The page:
Sheriff ordered to release Columbine evidence. Papers show draft search affidavit.

By Jeff Kass and Kevin Vaughan, News Staff Writers, Rocky Mountain News 4/7/01,1299,DRMN_15_247979,00.html

A judge on Friday ordered Jefferson County to release secret evidence in the Columbine tragedy, including the draft of an affidavit to search Eric Harris' home the year before the killings.

The affidavit was written in 1998 by two sheriff's deputies, one looking into allegations that Harris had threatened a fellow student, the other investigating pipe bombs.

While the proposed search warrant was never given to prosecutors or to a judge for review, it's now clear that deputies were suspicious of Harris long before he and his friend, Dylan Klebold, killed 12 fellow students and a teacher at Columbine on April 20, 1999.

The disclosure shocked Brian Rohrbough, whose son, Daniel, was murdered outside the school.

"Columbine never would have happened," said Rohrbough. "There's absolutely no way it would have happened.

"If they had gone to Harris' house, they would have found the bombs, the bomb-making materials and the planned attack on Columbine. Thirteen innocent people would still be living happy lives that they wanted to live."

The release is the result of a new court fight involving the families of some of the dead and injured, the parents of the two killers and CBS News.

The group went to court after concluding that Jefferson County had held back information when it released material in November to abide by a court order.

Harris and Klebold, seniors at Columbine, plotted the attack for a year, writing extensively about their plans. By the time the teen-aged killers ended their lives in the school's library, they'd murdered 12 students and a teacher and wounded more than 20 other people.

It was the worst school shooting in American history.

Sheriff John Stone did not return a message left at his office late Friday afternoon. He also did not return earlier calls about the case, and he was unavailable when a reporter visited his office twice in recent weeks.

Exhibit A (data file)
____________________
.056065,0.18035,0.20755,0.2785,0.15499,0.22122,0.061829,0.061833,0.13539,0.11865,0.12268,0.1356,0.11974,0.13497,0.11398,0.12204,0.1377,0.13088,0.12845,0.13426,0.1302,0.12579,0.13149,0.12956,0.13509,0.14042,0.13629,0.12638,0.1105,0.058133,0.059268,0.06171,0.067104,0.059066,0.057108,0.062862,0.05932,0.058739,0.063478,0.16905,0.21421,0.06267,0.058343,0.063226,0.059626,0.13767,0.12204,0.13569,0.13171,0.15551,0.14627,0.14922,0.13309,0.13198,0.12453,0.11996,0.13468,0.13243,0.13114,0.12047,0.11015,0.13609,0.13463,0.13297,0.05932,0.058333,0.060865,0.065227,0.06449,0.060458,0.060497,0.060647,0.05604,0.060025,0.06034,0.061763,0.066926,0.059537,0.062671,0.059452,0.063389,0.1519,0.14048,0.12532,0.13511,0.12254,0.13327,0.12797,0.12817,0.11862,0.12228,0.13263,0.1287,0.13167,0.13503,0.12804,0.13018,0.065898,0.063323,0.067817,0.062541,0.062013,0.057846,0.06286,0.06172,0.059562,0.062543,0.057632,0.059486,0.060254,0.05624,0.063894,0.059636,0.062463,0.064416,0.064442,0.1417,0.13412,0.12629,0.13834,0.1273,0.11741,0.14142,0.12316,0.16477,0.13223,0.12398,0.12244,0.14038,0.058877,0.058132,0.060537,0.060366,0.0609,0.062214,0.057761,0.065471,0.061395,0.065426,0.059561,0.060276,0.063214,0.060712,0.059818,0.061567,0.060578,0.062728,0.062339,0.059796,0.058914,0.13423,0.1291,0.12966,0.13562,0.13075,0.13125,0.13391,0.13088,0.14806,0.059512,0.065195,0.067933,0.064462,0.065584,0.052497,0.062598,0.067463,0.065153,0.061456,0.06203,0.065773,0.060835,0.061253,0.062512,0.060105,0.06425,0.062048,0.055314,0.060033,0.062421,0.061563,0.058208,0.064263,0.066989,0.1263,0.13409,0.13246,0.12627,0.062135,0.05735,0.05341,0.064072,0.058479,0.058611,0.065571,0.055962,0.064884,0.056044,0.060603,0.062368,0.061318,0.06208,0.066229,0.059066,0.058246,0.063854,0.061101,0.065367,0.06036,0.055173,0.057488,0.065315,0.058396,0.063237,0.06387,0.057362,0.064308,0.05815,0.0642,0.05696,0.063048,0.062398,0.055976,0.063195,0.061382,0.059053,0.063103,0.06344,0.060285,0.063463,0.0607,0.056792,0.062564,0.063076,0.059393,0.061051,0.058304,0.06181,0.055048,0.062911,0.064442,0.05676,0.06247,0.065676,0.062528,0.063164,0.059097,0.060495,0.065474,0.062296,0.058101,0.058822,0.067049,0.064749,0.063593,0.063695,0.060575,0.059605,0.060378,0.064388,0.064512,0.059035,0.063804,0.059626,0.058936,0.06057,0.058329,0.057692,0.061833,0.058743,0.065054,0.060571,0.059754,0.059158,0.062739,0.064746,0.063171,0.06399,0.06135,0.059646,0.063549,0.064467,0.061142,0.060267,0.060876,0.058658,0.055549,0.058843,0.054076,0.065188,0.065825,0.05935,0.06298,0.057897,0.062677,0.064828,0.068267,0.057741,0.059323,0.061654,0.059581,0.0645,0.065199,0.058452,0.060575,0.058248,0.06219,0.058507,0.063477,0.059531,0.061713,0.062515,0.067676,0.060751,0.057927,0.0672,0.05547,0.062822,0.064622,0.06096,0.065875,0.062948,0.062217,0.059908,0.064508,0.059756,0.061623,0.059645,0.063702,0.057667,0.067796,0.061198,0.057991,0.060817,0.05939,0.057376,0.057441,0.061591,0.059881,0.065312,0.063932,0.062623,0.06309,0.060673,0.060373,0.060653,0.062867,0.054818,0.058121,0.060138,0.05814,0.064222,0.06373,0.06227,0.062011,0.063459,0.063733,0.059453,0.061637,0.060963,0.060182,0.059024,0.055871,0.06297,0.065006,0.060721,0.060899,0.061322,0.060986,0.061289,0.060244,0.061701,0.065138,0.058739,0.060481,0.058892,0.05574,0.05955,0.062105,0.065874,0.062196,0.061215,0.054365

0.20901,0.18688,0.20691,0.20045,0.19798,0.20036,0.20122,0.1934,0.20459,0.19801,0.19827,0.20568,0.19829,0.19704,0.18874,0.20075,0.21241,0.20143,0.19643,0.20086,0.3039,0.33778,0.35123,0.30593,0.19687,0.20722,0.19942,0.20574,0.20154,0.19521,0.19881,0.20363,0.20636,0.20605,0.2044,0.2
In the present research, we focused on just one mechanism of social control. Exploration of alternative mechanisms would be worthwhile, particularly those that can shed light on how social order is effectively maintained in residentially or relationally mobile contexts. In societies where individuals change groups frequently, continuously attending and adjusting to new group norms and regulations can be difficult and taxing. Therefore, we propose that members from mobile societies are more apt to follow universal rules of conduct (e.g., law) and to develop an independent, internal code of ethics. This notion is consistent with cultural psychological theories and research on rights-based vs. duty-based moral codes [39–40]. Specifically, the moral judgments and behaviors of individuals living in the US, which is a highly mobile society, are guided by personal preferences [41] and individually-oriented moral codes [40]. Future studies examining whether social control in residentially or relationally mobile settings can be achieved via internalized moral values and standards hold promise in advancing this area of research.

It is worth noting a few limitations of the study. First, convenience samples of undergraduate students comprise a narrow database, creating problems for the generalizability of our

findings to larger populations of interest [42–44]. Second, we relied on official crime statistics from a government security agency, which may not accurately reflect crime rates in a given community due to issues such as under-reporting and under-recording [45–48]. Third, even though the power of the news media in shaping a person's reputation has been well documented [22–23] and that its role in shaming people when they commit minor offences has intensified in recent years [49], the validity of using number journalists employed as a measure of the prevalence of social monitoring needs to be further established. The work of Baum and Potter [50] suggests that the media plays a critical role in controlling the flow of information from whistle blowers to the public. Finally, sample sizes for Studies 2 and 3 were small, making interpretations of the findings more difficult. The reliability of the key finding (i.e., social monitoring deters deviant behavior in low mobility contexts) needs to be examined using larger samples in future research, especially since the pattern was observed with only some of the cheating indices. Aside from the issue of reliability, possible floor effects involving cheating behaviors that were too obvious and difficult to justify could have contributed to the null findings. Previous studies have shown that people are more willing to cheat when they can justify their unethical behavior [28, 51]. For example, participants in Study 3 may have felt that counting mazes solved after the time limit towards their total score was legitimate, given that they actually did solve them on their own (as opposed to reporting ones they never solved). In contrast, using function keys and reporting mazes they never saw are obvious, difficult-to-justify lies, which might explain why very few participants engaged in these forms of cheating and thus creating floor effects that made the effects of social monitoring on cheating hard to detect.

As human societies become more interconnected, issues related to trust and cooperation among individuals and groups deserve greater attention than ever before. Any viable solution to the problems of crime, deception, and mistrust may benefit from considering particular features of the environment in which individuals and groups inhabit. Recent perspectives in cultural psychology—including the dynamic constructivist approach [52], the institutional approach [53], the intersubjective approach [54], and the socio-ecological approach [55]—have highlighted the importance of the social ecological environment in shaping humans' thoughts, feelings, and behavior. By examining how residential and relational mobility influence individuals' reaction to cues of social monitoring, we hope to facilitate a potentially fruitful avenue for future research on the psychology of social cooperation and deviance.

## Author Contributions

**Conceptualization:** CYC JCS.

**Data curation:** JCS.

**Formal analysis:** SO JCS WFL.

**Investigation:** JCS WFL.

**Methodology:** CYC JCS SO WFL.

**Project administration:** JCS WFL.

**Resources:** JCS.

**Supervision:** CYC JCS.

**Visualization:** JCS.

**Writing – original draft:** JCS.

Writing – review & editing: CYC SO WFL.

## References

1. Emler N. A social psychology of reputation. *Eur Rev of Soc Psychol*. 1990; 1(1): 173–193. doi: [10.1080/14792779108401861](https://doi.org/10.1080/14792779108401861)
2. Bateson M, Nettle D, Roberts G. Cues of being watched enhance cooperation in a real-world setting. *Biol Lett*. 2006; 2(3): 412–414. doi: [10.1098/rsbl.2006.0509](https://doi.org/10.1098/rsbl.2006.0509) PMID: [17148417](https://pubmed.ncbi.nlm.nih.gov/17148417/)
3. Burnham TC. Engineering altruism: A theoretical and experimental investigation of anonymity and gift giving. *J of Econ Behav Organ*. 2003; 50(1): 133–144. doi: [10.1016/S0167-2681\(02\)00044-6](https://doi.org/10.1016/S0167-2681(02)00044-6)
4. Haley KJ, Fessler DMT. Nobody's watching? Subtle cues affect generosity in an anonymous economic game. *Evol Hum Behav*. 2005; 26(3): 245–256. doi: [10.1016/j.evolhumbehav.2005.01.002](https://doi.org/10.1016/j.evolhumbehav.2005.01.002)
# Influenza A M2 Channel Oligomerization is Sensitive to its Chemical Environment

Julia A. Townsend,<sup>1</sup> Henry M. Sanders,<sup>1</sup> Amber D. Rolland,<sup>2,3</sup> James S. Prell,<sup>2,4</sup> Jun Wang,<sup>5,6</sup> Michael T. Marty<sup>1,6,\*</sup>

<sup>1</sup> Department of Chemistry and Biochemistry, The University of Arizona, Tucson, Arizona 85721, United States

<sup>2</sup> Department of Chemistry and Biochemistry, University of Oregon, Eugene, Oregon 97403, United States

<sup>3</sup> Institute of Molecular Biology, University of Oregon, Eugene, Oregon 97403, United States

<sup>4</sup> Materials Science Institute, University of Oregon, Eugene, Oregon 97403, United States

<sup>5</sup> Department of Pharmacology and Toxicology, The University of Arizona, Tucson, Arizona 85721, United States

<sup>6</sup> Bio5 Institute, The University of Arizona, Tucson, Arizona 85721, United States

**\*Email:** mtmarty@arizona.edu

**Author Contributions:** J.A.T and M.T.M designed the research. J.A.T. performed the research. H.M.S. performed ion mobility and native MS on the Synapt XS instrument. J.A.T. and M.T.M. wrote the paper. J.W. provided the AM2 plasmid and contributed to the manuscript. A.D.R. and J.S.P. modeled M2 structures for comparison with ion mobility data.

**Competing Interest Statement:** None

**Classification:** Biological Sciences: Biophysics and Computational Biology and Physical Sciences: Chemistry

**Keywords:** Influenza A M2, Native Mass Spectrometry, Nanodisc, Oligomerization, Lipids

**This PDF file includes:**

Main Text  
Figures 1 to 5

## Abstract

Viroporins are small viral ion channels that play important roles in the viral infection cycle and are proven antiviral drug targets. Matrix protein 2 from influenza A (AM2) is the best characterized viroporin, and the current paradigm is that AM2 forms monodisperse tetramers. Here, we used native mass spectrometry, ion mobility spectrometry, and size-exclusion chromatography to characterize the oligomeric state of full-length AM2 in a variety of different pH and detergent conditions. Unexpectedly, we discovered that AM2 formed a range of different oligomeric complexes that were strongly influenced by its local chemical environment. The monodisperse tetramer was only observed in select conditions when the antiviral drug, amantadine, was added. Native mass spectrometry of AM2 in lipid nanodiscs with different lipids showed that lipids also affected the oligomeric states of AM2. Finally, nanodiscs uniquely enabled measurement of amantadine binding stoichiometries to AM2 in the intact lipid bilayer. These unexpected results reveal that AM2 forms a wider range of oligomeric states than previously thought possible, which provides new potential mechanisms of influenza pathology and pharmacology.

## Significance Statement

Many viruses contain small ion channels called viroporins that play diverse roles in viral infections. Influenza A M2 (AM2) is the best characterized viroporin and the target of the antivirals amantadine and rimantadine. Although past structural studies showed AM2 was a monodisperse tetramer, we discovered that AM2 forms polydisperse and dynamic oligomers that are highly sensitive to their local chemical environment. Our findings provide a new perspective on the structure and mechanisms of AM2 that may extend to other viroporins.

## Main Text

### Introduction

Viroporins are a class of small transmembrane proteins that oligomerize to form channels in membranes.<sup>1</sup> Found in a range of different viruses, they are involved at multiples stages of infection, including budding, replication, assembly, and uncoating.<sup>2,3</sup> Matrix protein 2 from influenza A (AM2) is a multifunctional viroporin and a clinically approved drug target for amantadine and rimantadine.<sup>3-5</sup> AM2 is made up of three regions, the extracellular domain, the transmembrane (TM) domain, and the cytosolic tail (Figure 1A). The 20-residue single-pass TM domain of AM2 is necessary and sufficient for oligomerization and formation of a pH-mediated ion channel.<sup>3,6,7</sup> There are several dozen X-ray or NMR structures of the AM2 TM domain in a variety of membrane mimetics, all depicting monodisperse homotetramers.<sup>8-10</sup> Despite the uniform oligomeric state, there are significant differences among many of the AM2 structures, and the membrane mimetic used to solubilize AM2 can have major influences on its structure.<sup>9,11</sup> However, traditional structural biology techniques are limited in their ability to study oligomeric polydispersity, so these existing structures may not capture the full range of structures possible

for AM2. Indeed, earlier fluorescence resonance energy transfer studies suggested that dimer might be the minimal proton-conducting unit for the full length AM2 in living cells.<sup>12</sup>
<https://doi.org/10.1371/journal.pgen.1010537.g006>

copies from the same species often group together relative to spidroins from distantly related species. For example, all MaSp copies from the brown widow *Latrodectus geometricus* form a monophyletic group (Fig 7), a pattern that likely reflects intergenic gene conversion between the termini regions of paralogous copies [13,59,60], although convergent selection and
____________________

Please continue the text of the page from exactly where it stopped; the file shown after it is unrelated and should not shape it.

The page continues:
District Judge Brooke Jackson's order calls for the release "as promptly as practicable" of:

As in his earlier orders in the case, Jackson required the sheriff's department to block out some information, including names of students on a "hit list," medical reports, the names of some witnesses and potential suspects, and instructions about building pipe bombs.

Sheriff's officials have continually sidestepped questions about a 1998 report from Randy Brown, the father of former Columbine student Brooks Brown. He reported in March 1998 that Harris had make Internet threats to kill his son and had posted violent writings and information about pipe bombs.

After the Columbine massacre, sheriff's officials defended their actions, contending they were limited by the reluctance of Brown to be identified and the inability of investigators to access the Web pages.

One of the sheriff's deputies who wrote the affidavit was looking into Brown's report. The other had investigated an incident in which pipe bombs were left in a field in south Jefferson County, said Pam Russell, spokeswoman for Jefferson County District Attorney Dave Thomas.